Development of Antibody-Tagged Nanoparticles for Detection of Transplant Rejection Using Biomagnetic Sensors
Abstract:Organ transplantation is a life-saving procedure and the preferred method of treatment for a growing number of disease states. The advent of new immunosuppressants and improved care has led to great advances in both patient and graft survival. However, acute T-cell-mediated graft rejection occurs in a significant quantity of recipients and remains a life-threatening condition. Acute rejection is associated with decrease in long-term graft survival, demonstrating a need to carefully monitor transplant patients. Current diagnostic criteria for transplant rejection rely on invasive tissue biopsies or relatively nonspecific clinical features. A noninvasive way is needed to detect, localize, and monitor transplant rejection. Capitalizing on advances in targeted contrast agents and magnetic-based detection technology, we developed anti-CD3 antibody-tagged nanoparticles. T cells were found to bind preferentially to antibody-tagged nanoparticles, as identified through light microscopy, transmission electron microscopy, and confocal microscopy. Using mouse skin graft models, we were also able to demonstrate in vivo vascular delivery of T-cell targeted nanoparticles. We conclude that targeting lymphocytes with magnetic nanoparticles is conducive to developing a novel, noninvasive strategy for identifying transplant rejection.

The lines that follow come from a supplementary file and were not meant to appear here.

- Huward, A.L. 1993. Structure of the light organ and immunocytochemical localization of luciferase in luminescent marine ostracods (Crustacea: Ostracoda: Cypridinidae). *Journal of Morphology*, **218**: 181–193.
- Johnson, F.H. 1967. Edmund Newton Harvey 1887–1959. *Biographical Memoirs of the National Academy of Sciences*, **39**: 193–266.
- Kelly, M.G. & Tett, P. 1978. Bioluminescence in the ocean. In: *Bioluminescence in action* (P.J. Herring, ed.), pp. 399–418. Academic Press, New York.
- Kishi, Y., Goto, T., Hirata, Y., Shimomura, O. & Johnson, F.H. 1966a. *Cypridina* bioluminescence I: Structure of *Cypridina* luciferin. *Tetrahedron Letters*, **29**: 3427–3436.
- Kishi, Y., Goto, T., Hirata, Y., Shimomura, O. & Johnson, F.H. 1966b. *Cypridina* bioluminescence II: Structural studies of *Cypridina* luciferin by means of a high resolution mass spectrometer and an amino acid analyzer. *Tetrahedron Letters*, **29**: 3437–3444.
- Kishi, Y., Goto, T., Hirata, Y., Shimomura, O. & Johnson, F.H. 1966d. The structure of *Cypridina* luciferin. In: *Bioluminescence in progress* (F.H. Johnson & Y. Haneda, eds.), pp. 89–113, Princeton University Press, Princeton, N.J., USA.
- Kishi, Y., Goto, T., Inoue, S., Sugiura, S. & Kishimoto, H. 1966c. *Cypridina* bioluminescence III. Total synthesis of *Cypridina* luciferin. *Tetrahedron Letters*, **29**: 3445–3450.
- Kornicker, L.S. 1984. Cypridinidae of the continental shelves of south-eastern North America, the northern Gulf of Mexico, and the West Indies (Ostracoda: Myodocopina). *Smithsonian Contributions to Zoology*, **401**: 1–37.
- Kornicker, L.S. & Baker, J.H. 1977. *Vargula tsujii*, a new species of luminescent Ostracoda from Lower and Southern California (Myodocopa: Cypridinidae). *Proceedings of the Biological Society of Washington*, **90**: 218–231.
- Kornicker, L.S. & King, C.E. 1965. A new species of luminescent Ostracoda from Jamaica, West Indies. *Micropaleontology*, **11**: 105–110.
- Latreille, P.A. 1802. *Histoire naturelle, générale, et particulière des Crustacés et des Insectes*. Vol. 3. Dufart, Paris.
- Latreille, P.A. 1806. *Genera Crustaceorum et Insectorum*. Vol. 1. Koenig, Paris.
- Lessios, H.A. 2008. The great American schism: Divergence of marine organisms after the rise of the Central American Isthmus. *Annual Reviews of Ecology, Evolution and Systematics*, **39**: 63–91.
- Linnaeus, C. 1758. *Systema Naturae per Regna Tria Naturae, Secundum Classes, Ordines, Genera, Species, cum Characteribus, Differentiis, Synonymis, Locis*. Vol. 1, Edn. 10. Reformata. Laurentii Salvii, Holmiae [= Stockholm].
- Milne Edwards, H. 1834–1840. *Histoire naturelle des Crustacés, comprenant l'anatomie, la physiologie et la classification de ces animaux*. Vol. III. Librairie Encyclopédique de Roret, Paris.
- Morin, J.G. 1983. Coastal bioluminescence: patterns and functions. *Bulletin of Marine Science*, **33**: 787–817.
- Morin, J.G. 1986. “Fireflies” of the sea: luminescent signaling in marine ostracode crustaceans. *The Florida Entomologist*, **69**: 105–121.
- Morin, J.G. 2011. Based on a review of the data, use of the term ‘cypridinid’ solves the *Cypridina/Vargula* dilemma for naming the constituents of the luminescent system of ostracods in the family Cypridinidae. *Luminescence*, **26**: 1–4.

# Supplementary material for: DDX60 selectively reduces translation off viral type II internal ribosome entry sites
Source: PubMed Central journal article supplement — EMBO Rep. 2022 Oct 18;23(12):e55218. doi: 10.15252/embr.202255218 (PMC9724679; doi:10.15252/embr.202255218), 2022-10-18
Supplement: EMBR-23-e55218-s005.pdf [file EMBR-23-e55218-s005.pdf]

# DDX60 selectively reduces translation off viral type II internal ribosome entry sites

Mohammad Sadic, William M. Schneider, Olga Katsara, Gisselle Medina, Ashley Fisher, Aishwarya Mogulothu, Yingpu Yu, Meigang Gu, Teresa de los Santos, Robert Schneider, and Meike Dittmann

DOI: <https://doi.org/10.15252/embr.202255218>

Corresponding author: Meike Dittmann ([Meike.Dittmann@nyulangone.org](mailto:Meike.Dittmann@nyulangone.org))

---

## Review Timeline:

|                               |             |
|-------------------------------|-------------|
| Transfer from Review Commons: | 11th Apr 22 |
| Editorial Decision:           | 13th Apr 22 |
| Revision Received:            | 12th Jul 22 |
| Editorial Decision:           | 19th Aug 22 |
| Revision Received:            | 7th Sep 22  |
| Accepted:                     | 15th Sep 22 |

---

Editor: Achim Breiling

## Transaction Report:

Document Type: Research Article
Publication date: October 4, 2013
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- Cell Transplantation publishes original, peer-reviewed research and review articles on the subject of cell transplantation and its application to human diseases. To ensure high-quality contributions from all areas of transplantation, separate section editors and editorial boards have been established. Articles deal with a wide range of topics including physiological, medical, preclinical, tissue engineering, and device-oriented aspects of transplantation of nervous system, endocrine, growth factor-secreting, bone marrow, epithelial, endothelial, and genetically engineered cells, among others. Basic clinical studies and immunological research papers are also featured. To provide complete coverage of this revolutionary field, Cell Transplantation will report on relevant technological advances, and ethical and regulatory considerations of cell transplants. Cell Transplantation is now an Open Access journal starting with volume 18 in 2009, and therefore there will be an inexpensive publication charge, which is dependent on the number of pages, in addition to the charge for color figures. This will allow work to be disseminated to a wider audience and also entitle the corresponding author to a free PDF, as well as prepublication of an unedited version of the manuscript.